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JAKOB ACKERET 1898-1981 BY ALEXANDER FLAX PREPARED WITH THE ASSISTANCE OF NICHOLAS ROTT JAKOB ACKERET, whose fundamental, comprehensive, and path breaking contributions to fluid mechanics and the under- standing of high-speed and supersonic flows led to significant improvements in the science of flight, died April I, 1981, in Kusnacht, Switzerland, at age eighty-three after a long illness. Professor Ackeret was born March 17, 189S, in Switzerland. He received his diploma in mechanical engineering in 1920 and his Ph.D. in engineering science in 1930, both from the Federal Institute of Technology (ETH), Zurich. He served in 1920 and 1921 as a research assistant of Professor Stodola at ETH. From 1921 to 1927 he was a research associate of Profes- sor Ludwig Prandt! at the University of Gottingen, Germany. He took part in the planning and preparations for the estab- lishment there of the Kaiser Wilhelm Institute for Fluid Mechanics Research (today the Max Planck Institute for Fluid Mechanics Research) becoming its first director when it went into full operation in 1925. In 1928 he became chief engineer at Escher Wyss Ltd., Zurich, where he served until 1932, when he became a professor at ETH. There he founded and be- came director of the Institute for Aerodynamics, which became fully operational in 1934. He made that institute fa- mous as a center for research on high-speed gas dynamics and thermodynamics and served as its director until his retirement from ETH in 1967. However, he maintained continuing, life 3

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4 MEMORIAL TRIBUTES long connections with Escher Wyss and contributed to the solution of many design problems and to inventions such as gas turbines and variable-pitch propellers. Professor Ackeret was one of the pioneers in the theoreti- cal and experimental investigation of supersonic flows about airfoils and in channels. He published in 1925 a definitive paper describing the small perturbation theory of supersonic flow of a perfect gas over a thin airfoil. The methods and results he obtained are to this day often identified as "the Ackeret theory," "the Ackeret pressure," and "the Ackeret lift." He was personally responsible for innumerable important contributions to theoretical and applied aerodynamics and fluid dynamics. He clesigned, built, and operated several high- quality subsonic and supersonic wind tunnels at both the University of Gottingen and at the ETH. His closed-circuit supersonic wind tunnel at ETH driven by a multistage com- pressor permitted independent variation of Mach number en cl Reynolds number and served for many pioneering exper- imental investigations. (The term "Mach number" was introduced by Ackeret in his inaugural lecture at ETH in 1929.) Professor Ackeret was one of the first to give clear, theoretically based, and experimentally valiclated explanations of the effects of compressibility in flow over aircraft compo- nents and thereby contributed uniquely to the successful design of high-speed flying machines. Professor Ackeret's aerodynamic research inclu~led the problems of gas flow at very high speeds through cascades en c! grids, and the basic problems of boundary layers en c! heat transfer at high subsonic and supersonic speeds. He was one of the early workers in the study of the effects of roughness on airfoil form drag and the bounclar,v layer, and with his students he pioneered in fundamental investigation of shock-boundary layer interactions in supersonic flows. He did early significant work on the application of boundary layer suction on airfoils, which work was later carried on by his students, especially in investigations of the complex problems of practical applications.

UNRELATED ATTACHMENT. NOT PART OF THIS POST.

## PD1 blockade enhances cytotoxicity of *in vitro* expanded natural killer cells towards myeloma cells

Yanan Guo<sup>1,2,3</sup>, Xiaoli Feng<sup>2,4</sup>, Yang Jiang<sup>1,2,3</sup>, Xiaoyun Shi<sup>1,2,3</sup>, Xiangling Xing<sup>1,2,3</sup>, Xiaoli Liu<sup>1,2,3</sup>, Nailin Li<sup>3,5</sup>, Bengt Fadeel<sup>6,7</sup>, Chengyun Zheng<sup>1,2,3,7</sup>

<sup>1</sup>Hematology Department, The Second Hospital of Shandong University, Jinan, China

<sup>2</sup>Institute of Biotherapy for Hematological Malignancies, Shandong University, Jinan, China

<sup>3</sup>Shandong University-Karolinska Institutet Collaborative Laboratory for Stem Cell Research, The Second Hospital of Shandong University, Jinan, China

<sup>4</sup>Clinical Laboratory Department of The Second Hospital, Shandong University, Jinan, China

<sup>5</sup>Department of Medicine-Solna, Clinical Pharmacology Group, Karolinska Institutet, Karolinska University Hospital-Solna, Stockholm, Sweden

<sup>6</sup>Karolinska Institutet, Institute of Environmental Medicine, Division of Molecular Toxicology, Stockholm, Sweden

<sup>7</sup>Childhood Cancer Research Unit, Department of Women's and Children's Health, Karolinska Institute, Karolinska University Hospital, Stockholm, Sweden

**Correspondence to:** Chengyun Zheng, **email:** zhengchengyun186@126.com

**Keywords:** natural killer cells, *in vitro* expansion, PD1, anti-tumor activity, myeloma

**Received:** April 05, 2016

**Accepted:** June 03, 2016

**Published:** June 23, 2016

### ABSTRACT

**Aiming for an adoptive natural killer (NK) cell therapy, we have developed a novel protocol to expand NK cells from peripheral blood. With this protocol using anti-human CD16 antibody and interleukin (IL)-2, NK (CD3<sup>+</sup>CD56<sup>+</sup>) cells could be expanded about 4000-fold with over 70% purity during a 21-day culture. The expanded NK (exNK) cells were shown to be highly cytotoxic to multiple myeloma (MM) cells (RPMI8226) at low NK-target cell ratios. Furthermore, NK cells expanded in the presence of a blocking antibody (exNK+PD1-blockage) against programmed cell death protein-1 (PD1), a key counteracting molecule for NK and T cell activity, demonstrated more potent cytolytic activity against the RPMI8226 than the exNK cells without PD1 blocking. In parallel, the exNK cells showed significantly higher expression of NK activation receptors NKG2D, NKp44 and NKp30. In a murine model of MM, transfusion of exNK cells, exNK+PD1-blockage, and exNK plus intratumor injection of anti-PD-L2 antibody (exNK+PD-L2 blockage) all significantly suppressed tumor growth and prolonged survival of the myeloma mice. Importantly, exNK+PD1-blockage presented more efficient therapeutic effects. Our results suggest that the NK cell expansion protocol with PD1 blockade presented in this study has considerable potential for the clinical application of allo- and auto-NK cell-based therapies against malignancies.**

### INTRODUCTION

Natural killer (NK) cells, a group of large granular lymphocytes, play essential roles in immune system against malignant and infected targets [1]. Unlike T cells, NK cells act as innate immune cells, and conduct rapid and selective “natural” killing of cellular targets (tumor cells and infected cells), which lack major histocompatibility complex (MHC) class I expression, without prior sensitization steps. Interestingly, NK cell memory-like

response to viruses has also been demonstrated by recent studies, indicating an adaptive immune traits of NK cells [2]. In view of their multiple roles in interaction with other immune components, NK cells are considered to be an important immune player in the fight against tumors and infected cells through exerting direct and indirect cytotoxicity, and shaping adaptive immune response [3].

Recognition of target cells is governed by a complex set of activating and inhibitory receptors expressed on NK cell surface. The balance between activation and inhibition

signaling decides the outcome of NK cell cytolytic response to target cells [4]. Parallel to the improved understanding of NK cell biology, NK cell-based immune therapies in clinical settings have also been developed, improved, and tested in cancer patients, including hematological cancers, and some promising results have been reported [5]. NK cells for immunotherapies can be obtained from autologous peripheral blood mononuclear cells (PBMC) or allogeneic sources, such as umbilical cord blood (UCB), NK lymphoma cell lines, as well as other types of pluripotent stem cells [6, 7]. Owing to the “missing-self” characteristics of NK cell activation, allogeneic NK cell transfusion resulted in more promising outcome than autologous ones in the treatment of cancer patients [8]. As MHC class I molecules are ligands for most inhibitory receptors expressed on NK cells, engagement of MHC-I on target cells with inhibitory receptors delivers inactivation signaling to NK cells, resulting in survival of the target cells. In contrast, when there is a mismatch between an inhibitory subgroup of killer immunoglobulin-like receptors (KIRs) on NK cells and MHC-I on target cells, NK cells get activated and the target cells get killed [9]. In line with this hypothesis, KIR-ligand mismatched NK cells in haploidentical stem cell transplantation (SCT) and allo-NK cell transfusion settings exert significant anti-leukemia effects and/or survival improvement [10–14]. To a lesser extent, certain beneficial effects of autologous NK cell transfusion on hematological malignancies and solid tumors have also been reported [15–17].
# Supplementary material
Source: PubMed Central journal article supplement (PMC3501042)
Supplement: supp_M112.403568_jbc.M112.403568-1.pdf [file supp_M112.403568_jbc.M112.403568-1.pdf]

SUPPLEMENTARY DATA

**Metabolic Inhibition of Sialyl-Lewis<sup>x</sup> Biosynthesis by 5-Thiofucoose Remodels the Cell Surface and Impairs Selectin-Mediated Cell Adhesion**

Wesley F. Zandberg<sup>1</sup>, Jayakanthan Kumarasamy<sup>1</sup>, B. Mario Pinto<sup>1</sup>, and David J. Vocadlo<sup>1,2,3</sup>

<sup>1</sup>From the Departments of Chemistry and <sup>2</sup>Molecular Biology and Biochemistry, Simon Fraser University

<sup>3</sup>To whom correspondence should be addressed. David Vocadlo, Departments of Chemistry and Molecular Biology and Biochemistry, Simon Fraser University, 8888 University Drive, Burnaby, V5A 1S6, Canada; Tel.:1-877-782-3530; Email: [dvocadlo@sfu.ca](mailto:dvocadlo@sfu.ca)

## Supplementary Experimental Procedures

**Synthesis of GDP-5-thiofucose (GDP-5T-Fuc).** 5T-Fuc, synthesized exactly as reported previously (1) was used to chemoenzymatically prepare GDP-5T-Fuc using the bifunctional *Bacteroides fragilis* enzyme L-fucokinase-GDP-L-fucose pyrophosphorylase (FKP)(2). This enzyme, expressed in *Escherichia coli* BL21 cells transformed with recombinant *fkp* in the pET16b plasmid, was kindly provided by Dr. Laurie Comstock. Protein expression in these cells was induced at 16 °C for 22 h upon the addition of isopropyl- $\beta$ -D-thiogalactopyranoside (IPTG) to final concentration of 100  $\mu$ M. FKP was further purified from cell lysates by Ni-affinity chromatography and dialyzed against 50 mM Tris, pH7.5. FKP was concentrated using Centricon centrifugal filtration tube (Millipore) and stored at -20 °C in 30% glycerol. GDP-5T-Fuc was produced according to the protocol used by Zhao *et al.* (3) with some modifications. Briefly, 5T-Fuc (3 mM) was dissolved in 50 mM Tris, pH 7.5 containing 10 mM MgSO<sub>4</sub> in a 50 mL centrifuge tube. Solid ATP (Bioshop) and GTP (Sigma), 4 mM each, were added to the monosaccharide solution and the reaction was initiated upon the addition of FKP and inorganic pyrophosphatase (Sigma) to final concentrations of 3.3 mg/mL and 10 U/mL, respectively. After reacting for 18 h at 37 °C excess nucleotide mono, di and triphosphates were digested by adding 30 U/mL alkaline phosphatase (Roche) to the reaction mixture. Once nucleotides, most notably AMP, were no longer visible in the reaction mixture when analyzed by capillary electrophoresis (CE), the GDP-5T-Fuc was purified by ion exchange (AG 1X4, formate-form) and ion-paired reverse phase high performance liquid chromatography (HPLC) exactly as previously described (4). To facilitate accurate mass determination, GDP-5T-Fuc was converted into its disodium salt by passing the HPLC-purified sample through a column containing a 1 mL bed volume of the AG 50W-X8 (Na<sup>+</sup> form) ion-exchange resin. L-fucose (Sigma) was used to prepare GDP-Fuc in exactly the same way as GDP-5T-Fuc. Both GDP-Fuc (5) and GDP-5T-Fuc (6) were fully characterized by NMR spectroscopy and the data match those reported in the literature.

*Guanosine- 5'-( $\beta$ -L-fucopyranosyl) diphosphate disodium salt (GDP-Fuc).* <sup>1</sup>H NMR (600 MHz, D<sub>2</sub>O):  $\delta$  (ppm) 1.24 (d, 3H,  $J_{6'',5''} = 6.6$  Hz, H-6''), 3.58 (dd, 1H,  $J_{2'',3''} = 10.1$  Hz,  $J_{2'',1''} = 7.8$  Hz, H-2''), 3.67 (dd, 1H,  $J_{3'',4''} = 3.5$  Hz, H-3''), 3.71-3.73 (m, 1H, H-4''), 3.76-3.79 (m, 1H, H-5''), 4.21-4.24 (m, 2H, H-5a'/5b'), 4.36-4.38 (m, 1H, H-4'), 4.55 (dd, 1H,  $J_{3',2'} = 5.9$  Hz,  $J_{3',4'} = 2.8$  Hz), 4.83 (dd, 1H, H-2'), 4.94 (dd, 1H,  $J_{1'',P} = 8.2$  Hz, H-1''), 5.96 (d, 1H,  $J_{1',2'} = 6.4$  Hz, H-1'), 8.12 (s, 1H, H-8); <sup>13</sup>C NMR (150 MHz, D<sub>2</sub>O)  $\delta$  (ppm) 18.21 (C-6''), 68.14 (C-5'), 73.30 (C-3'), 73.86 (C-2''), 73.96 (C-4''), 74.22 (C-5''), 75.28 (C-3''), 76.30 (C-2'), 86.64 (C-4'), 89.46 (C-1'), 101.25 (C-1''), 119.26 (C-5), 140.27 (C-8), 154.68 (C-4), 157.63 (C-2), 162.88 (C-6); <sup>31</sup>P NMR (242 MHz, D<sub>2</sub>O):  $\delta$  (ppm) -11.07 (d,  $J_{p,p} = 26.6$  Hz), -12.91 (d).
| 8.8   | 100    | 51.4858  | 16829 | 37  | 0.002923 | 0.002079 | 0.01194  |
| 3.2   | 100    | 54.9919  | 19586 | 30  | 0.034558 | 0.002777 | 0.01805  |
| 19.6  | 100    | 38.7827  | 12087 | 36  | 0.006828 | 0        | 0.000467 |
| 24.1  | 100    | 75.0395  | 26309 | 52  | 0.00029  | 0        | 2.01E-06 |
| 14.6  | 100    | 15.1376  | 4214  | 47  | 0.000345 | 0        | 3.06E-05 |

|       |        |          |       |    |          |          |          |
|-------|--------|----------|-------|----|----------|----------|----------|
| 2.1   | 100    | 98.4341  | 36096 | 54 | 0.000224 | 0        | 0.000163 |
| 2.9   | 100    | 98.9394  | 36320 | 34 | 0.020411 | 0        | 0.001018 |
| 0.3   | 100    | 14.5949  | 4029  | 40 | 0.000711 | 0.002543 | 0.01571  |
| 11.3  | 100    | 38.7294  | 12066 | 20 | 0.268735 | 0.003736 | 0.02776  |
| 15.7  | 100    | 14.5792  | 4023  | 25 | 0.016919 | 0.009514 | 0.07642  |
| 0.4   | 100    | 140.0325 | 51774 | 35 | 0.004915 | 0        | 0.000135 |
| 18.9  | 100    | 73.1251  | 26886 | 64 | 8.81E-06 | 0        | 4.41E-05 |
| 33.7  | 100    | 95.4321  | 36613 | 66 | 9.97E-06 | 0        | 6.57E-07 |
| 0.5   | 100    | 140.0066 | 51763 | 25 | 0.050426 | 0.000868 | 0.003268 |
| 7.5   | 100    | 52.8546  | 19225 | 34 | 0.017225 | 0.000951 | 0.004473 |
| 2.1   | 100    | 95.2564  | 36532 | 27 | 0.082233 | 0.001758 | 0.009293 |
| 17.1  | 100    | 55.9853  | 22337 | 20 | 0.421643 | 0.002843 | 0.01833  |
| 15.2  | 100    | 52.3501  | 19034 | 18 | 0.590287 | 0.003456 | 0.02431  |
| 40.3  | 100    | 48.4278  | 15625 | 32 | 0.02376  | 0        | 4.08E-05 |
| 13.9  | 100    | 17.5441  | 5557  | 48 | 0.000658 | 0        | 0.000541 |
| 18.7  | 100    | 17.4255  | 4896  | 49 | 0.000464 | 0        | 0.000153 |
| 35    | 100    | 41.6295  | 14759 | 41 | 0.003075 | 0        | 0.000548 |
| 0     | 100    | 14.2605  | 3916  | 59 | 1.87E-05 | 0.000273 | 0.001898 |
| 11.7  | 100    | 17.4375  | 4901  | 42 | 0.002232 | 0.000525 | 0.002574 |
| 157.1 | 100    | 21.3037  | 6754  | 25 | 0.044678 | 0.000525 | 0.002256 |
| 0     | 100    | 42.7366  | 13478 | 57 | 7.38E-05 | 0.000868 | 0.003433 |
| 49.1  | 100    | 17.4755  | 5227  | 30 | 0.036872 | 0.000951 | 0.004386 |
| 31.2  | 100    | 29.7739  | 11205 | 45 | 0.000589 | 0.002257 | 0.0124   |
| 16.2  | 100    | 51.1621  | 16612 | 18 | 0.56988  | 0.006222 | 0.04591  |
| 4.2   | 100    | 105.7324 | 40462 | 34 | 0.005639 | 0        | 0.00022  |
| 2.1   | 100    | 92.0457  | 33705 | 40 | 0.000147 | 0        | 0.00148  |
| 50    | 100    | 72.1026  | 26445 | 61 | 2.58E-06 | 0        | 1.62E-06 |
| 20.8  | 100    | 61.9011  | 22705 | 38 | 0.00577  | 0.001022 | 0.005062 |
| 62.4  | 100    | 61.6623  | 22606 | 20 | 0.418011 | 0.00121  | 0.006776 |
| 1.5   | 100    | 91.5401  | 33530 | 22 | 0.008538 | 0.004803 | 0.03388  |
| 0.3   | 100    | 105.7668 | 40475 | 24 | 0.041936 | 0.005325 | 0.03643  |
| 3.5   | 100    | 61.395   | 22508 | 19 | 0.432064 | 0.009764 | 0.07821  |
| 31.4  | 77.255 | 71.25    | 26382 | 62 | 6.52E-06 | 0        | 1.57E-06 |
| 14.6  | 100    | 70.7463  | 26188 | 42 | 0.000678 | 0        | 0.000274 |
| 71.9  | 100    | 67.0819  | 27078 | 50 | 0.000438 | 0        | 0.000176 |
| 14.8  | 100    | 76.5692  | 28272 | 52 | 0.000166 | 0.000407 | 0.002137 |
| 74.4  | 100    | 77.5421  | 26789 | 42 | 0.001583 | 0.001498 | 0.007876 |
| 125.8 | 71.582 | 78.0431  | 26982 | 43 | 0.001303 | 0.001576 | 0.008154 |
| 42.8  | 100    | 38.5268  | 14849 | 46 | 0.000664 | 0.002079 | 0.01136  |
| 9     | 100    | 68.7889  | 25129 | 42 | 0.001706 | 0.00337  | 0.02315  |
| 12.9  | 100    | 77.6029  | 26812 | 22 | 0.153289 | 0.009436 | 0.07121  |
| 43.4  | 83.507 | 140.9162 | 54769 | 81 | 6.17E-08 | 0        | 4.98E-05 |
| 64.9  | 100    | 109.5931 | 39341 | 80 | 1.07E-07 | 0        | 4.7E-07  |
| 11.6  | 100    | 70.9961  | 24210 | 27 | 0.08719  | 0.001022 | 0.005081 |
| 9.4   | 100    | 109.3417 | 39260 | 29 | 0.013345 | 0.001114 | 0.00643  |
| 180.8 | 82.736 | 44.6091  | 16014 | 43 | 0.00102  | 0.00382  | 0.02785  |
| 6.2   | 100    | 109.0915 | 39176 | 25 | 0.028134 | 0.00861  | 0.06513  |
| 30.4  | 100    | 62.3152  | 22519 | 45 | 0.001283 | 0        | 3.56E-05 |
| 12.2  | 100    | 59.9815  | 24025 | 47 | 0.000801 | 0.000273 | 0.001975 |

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JAKOB ACKERET 5 His work in the 1930s ant! 1940s established much of the fluid mechanics en c! basic technology of the present-day gas turbine, as evidenced by his many technical papers at that time. He worked with Escher Wyss in the application of the gas turbine with a closed-circuit and a multistage axial com- pressor (the Ackeret-Keller turbine) as a stationary power source. He also investigated hydraulic turbine problems, espe- cially cavitation. On Professor Ackeret's sixtieth birthday, Professor Theodore von Karman complimented him as the outstanding mechanical engineer among the pioneers of aero- dynamics. Professor Ackeret's leadership in aeronautical engineering and fluid mechanics at ETH produced a great center of learning en c! many students who influenced practi- cal aeronautics and aeronautical education around the world. He was a respected student of the history of science, ap- plied mechanics, and aerodynamic and hydraulic technology. His most significant contribution in this field was the editing of a volume of Euler's works on hydrodynamics. Elected a foreign associate of the National Academy of Engi- neering in 1976, he was an honorary fellow of the American Institute of Aeronautics and Astronautics, the Royal Aeronauti- cal Society of London, and the Institute of Aeronautical Sciences of New York. Ele was an honorary member of the American Soci- ety of Mechanical Engineers, a member of the Max Planck Institute for Aerodynamic Research in Gottingen, and a recipi- ent of the Guggenheim Medal and the Prandtl Ring. He gave the second Daniel and Florence Guggenheim Memorial Lecture to the International Astronautical Federation in 1960. Professor Ackeret's original publications numbered more than one hundred. In addition he contributed to twenty-four papers for the Institute of Aerodynamics and to forty-eight other publications with various collaborators. A bibliography of his work (and most of the work that was completed under his direction) was published in the journal of Applied Mechanics and Physics (CAMP), Vol. IXB, 1958.